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Can local shopping centres co-exist?

10 February 2017 by William Ogle

Westfield Stratford City in Central London could be considered as a wonder of modern retail.

Opened by the Westfield Group, it was the first major step in an attempt to rejuvenate the area in the build-up to the Olympic Games the following year. For many, it has been seen as a rousing success.

But its inception and opening didn’t come without criticism. At the time of opening and in the months that followed there was a clear split in how this towering glass fortress was viewed.

Will shopping centre blog.pngWestfield Stratford City. Source: LDC

"If you go over to Westfield, it's heaving with people," one shop owner in the neighboring Stratford Centre was quoted in January the following year. "Quite clearly, we are going to be destroyed. We haven't got a long-term future.” His store closed six months later.

lan Goldman of Catalyst Capital (Owner of the Stratford Centre) had a different view: "The Stratford Centre provides a convenience and value offer and they (Westfield) offer more lifestyle shops. We think the two schemes work well together. People will go look across the road and I suspect they will then come back again to what they know.”

Will shopping centre blog 2.pngThe Stratford Centre. Source: LDC

Five years on and I’m pleased to tell you that the Stratford Centre is still standing. Defying the doomsayers, it has stood its ground and refused to become a walkway of vacant units like so many other similar shopping centres and arcades.

Using LDC’s location insight data, we can compare the two centres side-by-side:

Westfield Stratford City opened in 2011, has 352 units and a vacancy rate of 6.6%. The Stratford Centre, however is a much older centre which opened in 1974, has 61 units and a 4.9% vacancy rate (as of December 2016).

Let's compare the two centres side-by-side:

Infographic (12).jpgFigure 1 Openings and Closures Activity for Westfield and the Stratford Centre. Source: LDC

Openings in Westfield over the past 12 months included Beverbrooks The Jewellers, Typo and Misguided and closures included As Nature Intended, Jones Bootmaker, Forever 21 and Sweatshop. Openings in the Stratford Centre included Gadcet and Prime 5D Centre (which also closed in the same 12 month period), and closures included Thomas Cook and Reed.

Infographic (13).jpg
Figure 2 Percentage of Premium, Value and Mass Retailers. Source:LDC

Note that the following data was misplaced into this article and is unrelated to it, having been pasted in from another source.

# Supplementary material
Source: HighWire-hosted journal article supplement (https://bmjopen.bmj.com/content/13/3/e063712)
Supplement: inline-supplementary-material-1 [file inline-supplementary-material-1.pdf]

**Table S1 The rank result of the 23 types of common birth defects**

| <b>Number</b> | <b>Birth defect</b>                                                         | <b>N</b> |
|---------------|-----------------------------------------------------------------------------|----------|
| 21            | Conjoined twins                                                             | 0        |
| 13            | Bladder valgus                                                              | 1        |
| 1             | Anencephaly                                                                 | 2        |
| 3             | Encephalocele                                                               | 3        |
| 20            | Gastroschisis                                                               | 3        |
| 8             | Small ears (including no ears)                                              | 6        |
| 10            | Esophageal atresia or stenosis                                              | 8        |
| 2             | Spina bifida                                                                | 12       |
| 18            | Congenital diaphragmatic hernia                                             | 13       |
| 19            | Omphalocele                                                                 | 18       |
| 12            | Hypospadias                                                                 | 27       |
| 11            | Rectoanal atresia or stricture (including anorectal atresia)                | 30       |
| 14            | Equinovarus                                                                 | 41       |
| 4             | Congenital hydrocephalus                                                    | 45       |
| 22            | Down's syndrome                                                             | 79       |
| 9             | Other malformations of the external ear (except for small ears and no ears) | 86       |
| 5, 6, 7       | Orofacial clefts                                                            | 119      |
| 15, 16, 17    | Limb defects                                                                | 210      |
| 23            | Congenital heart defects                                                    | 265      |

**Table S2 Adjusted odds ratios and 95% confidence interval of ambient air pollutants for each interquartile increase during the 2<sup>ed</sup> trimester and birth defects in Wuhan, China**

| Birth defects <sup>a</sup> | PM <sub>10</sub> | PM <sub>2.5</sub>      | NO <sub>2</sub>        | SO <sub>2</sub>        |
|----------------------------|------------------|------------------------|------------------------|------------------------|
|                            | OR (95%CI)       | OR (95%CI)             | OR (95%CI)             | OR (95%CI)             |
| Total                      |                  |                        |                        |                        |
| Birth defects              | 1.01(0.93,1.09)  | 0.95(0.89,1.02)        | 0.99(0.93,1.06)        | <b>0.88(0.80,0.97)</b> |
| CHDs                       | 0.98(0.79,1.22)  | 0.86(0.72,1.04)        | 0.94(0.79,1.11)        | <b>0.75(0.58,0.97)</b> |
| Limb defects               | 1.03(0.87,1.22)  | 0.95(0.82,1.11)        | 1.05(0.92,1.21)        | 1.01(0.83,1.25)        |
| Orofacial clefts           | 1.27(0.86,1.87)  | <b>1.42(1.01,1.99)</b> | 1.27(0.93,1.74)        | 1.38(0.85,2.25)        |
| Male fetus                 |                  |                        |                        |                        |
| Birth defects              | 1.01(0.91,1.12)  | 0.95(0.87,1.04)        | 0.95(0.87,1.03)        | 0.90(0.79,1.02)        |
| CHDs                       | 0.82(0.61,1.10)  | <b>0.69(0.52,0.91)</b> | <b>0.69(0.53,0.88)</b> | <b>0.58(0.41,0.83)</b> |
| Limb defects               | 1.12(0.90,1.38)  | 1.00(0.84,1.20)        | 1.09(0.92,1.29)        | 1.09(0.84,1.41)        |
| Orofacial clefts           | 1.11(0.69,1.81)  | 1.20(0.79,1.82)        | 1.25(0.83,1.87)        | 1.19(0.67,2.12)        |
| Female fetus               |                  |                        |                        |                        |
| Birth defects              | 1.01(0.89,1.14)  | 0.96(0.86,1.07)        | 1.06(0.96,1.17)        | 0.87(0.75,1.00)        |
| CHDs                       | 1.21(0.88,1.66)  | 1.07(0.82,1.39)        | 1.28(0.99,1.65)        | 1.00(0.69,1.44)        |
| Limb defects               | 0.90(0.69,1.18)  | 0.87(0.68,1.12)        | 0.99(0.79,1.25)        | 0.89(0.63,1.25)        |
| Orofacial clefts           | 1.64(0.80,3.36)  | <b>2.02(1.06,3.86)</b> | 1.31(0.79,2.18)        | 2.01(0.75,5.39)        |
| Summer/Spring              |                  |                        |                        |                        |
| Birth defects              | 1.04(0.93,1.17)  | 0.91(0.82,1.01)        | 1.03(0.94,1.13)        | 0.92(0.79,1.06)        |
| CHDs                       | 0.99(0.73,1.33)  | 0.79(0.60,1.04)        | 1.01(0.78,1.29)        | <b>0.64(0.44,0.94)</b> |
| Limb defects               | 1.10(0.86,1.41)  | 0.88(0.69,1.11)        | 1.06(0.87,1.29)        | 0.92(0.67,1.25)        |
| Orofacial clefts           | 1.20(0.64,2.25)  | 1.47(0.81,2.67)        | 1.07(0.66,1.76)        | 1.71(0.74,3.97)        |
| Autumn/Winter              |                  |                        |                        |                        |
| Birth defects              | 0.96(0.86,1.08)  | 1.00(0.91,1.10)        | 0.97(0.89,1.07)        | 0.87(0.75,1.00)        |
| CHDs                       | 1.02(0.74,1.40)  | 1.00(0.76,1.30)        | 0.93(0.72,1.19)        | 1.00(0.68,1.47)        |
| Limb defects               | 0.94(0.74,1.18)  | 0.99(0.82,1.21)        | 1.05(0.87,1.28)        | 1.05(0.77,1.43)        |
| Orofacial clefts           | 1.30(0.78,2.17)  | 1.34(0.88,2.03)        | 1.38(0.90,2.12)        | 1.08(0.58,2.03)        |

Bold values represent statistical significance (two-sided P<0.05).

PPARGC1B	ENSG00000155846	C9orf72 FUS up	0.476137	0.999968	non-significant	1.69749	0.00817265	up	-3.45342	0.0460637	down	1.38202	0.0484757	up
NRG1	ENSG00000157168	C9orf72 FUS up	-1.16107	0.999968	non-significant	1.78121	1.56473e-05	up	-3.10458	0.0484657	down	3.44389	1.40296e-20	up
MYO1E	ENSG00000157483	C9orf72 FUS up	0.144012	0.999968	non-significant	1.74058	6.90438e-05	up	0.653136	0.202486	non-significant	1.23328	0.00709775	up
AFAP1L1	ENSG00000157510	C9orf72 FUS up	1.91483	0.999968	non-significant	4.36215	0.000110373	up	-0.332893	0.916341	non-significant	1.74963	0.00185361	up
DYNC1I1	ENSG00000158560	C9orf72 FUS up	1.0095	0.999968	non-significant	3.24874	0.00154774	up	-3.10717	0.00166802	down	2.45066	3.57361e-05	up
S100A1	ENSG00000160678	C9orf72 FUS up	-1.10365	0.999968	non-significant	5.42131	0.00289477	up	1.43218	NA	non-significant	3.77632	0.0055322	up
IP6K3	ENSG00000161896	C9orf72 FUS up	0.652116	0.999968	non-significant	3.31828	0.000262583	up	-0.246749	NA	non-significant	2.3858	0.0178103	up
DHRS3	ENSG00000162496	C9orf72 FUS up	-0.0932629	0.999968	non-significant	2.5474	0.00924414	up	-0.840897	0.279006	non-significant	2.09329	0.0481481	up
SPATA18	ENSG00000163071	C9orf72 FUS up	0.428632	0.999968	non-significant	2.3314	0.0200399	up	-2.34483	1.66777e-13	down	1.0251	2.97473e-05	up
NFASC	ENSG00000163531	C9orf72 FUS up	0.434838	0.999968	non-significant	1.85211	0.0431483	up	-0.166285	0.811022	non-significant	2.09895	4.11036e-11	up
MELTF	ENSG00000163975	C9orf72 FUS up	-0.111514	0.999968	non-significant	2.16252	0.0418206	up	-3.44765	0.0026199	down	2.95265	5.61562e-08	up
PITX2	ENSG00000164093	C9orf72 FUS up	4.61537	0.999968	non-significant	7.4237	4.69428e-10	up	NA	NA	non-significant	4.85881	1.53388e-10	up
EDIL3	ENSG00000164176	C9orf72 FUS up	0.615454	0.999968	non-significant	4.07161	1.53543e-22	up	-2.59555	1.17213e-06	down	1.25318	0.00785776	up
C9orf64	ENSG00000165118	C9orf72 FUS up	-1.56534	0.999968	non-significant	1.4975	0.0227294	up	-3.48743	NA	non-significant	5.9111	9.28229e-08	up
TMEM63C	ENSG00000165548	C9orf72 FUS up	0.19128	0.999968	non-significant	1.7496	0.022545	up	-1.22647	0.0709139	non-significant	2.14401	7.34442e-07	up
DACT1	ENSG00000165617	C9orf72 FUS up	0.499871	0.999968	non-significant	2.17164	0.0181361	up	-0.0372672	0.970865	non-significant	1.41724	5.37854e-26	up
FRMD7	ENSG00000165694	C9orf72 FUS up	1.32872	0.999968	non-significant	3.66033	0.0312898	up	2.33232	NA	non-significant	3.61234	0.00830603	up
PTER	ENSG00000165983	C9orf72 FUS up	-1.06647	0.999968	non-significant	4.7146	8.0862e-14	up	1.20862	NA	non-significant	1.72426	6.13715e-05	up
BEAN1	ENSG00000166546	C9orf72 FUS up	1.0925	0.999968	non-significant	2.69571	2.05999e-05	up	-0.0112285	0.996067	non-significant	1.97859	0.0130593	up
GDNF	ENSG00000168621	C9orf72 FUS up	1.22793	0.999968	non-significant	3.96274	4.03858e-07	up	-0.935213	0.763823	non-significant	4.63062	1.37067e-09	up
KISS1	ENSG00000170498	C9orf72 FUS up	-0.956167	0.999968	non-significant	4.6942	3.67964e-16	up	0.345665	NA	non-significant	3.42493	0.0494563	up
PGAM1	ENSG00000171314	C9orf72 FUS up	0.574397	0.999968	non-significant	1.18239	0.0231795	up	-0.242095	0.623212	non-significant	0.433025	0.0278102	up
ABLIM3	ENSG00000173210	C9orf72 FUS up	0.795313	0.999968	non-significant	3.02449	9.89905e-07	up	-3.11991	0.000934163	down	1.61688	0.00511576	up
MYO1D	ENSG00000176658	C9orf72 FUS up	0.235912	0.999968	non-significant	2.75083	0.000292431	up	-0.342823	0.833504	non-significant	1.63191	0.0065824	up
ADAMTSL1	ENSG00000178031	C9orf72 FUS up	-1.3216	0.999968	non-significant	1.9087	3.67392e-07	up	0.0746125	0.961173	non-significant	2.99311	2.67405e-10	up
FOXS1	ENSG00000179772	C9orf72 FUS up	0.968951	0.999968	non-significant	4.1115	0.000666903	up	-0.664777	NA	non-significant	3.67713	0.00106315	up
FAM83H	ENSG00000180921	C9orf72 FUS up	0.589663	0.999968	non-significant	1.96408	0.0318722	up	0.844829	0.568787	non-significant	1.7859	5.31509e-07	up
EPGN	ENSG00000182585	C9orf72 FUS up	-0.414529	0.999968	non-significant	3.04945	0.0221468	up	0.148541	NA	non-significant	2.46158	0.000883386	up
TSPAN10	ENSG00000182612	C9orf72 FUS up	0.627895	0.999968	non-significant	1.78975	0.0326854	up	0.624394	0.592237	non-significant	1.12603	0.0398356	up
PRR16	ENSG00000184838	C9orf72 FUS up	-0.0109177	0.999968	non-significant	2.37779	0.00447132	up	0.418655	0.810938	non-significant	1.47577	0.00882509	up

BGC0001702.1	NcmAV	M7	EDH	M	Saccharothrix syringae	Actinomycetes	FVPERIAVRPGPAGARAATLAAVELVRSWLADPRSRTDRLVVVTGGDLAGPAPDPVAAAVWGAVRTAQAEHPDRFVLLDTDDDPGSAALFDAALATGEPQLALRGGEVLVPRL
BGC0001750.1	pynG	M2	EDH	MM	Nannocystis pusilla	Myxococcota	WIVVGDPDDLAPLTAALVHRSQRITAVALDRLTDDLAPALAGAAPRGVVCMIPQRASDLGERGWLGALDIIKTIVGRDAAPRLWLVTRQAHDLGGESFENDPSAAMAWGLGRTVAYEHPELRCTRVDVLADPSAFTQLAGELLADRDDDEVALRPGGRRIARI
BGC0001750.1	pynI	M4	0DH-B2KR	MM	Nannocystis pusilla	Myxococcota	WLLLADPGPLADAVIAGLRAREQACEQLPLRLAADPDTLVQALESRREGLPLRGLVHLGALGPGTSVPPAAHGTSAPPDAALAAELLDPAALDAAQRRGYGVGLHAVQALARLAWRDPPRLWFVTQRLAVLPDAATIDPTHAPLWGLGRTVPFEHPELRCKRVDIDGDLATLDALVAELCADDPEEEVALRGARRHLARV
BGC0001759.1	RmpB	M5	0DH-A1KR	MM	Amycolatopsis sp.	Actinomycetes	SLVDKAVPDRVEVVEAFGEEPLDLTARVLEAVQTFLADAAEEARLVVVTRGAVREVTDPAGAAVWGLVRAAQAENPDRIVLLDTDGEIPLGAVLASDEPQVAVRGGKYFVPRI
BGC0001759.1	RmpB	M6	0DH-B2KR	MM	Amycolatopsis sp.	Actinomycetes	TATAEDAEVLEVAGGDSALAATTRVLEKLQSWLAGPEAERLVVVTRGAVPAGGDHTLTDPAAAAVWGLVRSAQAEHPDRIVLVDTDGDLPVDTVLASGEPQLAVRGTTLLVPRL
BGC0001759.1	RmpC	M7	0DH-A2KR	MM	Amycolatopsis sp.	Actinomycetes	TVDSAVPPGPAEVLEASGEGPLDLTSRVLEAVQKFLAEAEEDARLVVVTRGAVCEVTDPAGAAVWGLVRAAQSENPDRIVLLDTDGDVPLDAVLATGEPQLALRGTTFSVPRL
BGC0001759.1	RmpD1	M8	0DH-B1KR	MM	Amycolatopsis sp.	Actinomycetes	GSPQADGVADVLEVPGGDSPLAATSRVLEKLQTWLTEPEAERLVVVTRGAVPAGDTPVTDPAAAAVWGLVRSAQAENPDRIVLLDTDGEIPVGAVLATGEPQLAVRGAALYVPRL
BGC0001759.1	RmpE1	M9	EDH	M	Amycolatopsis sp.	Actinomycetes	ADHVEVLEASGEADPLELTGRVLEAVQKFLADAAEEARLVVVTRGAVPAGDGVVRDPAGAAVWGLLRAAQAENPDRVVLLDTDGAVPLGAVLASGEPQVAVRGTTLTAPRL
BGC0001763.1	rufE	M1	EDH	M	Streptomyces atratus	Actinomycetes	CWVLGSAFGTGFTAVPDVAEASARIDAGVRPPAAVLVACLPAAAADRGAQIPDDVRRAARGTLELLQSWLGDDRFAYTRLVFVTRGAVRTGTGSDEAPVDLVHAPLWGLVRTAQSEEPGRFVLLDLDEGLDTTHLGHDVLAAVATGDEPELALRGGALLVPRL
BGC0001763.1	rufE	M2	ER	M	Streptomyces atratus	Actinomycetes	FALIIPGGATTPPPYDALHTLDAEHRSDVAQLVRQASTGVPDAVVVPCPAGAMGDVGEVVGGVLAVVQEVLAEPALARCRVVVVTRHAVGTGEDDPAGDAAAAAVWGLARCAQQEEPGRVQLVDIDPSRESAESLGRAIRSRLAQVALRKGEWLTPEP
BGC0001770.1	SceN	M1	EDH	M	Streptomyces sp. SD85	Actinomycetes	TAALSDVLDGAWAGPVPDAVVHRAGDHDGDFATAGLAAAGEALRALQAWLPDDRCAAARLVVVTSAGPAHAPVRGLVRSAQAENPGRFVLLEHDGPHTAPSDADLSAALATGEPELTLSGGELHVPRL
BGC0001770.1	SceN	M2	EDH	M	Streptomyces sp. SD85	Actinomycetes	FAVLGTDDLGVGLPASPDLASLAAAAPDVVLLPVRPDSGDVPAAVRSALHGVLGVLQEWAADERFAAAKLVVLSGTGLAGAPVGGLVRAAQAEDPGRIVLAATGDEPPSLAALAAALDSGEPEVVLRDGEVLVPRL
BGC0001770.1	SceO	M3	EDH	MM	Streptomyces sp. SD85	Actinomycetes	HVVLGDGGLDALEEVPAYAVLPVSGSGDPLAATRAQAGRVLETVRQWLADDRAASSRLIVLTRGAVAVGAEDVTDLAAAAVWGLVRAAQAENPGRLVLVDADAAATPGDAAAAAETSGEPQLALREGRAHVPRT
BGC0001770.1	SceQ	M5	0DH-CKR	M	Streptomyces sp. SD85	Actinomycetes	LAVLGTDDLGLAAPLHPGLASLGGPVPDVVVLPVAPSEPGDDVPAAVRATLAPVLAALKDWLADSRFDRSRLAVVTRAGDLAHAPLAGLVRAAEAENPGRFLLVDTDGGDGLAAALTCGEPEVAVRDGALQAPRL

The Stratford Centre almost matches Westfield in the percentage of Mass retail, but does not house one Premium retailer within its walls.

Infographic (10).jpgFigure 3 Percentage of Multiples vs Independent Businesses

From this data we can see that the Stratford Centre has fewer units, fewer luxury retailers but a similar mix of multiple and independent retailers.

Yet based on the last 12 months, it appears to be the more stable shopping centre.

Fewer closures and a lower percentage of vacant units.

The Stratford Centre has survived (admittedly, not entirely unscathed) because it knows its market. It may have roughly the same percentage of mass retailers and have duplicates of several shops (Holland & Barrett, McDonald’s, and KFC just to name a few), but unlike Westfield that contains almost quarter premium/luxury retailers, one-third of its tenants are value retailers.

There is no Prada, no John Lewis, no Apple Store. It has a Poundland instead of a Waitrose, offers a Shoe Zone instead of Russell & Bromley and a CeX instead of GAME.

CeX.jpgCeX in the Stratford Centre. Source: LDC

The Stratford Centre has defied public expectation. It has shown that shopping centres in close proximity CAN coexist.

But how have they done it?

  • From what we’ve seen, the size of a shopping centre not always equate to its footfall, popularity, nor to the amount of churn of retailers.
  • Focusing on their strengths and appealing directly to a clear demographic is key in ensuring longevity.
  • Location can play an important factor. Although Westfield Stratford City is the end of multiple transport routes, Stratford Centre is a main connecting walk through between the high street and the transport hub.

 So, 1-0 to Stratford Centre? Based on the data, it seems that way.

But relative stability is a double-edged sword. If left unchecked, it can lead to stagnation. Whether we like it or not, change is important. With occupancy, a higher amount of churn isn't always necessarily indicative of something negative. Consumers can be fickle and, especially amongst the key millennial demographic, brand loyalty does not last.

So, flipping the statistics in this view, Westfield can afford to experiment with retailers and pop-ups, even if it results in having more empty shops. It still has more than enough on offer to draw people in. The Stratford Centre, being a smaller and a more focused offer, doesn’t have that luxury.

It’s a sombre thought to consider, but hope is on the horizon. Plans for the development and creation of a “Stratford Island” are in motion. The aim is to increase the number of retailers, but keep its core ethos of value for money.

With an increase in housing developments and in turn, increasing populations, the demand for what both centres offer is increasing. This coupled with an increase in transport connections could be the key to each centre finding it's place in the market. Going forwards, survival of these centres may fall down to the Stratford centre offering convenience to consumers and Westfield offering the 'destination' shopping experience.

The Stratford Centre hasn’t forgotten that, in reality, it is only competing against itself, not its heavyweight rival and this may be the key to its survival.

William Ogle is a Researcher in the Property Sector at LDC and has been with the business since July 2010. 

Download the 2015 Scottish Retail Report  

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